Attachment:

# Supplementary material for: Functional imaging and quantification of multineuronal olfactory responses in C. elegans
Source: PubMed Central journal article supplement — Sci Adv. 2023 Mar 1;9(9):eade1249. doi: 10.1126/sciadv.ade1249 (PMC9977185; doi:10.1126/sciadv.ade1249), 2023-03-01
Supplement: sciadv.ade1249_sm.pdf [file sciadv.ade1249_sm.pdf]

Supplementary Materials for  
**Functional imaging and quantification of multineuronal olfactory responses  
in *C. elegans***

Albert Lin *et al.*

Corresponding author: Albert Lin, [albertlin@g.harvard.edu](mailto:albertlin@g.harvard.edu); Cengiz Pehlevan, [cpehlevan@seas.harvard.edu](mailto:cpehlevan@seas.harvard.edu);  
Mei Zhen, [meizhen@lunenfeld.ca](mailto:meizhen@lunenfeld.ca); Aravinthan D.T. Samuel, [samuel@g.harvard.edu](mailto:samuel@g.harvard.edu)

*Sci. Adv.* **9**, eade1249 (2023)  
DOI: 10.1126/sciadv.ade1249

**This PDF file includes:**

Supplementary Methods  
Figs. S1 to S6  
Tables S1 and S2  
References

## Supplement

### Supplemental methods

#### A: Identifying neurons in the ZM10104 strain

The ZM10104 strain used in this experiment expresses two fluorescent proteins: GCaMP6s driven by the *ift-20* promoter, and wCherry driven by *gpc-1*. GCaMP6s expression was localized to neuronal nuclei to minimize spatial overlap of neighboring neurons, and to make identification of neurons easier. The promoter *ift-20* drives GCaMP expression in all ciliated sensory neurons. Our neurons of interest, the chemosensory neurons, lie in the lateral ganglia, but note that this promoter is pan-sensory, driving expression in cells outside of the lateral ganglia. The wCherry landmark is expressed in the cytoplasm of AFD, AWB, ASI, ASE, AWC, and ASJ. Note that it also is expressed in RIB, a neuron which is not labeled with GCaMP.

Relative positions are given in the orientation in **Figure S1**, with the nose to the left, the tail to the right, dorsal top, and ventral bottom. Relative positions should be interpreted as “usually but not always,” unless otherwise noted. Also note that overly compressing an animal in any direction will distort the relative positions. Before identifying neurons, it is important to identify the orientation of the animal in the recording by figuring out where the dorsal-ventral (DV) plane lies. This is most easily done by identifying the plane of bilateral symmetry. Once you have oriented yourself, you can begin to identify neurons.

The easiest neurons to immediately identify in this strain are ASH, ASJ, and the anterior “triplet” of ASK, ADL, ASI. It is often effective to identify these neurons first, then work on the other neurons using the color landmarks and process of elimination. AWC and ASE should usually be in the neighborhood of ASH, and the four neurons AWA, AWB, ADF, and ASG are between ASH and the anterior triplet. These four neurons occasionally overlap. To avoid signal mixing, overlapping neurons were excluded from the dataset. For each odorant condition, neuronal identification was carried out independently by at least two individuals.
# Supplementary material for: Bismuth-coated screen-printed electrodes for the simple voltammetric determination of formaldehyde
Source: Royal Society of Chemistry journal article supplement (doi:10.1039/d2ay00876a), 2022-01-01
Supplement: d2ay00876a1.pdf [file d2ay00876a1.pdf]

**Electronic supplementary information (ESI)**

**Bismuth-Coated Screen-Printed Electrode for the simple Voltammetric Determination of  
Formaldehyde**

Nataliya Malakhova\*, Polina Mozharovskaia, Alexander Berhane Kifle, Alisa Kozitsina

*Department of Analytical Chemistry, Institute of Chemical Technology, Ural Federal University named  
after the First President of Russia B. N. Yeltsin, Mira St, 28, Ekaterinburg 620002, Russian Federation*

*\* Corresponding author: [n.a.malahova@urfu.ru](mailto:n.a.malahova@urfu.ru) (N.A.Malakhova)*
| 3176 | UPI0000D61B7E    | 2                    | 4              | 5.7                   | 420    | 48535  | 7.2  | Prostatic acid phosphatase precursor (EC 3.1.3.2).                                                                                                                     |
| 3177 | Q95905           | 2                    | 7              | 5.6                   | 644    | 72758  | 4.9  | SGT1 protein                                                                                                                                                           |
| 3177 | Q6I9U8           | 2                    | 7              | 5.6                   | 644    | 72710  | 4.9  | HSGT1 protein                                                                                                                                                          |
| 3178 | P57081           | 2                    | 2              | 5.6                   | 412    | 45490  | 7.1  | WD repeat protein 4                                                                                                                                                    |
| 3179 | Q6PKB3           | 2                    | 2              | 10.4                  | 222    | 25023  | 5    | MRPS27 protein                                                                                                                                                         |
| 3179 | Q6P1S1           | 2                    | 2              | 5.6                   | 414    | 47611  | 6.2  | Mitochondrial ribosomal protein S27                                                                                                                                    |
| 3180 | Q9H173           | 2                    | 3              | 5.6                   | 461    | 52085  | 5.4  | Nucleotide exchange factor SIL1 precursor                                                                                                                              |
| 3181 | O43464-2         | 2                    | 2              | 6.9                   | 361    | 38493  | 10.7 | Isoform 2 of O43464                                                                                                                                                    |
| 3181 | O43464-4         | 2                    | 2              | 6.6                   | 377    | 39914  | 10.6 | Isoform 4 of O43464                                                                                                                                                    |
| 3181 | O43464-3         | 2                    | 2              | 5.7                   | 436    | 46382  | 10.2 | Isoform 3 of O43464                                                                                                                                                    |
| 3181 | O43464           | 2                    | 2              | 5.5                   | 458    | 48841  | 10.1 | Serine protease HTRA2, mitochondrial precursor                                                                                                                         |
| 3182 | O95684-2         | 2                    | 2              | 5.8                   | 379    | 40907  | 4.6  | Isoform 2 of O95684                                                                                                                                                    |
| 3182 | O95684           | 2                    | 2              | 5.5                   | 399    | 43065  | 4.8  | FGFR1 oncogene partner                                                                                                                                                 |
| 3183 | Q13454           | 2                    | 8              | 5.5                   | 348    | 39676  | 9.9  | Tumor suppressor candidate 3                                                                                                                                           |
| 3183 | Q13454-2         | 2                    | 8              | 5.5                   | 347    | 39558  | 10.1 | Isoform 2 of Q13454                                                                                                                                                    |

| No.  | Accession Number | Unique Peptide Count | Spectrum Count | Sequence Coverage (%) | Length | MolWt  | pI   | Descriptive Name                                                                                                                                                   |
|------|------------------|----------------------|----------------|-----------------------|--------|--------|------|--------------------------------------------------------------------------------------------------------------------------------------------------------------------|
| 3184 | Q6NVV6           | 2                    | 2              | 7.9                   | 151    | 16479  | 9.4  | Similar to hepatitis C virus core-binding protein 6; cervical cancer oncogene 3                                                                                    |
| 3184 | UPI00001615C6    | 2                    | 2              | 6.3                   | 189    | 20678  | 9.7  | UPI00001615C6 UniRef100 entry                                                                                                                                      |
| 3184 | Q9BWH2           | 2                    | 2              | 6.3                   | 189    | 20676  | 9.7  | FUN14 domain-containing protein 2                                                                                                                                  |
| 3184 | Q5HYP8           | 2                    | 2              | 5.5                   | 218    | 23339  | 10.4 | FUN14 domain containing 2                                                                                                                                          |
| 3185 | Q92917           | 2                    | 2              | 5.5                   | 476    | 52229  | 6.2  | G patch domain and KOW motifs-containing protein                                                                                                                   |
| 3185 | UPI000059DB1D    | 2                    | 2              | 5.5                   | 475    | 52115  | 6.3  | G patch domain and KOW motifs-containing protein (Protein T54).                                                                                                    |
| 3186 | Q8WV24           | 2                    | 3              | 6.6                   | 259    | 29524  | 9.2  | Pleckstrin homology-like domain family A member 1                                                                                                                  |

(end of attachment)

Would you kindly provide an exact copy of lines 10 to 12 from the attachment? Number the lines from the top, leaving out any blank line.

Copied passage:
*Sci. Adv.* **9**, eade1249 (2023)  
DOI: 10.1126/sciadv.ade1249

**This PDF file includes:**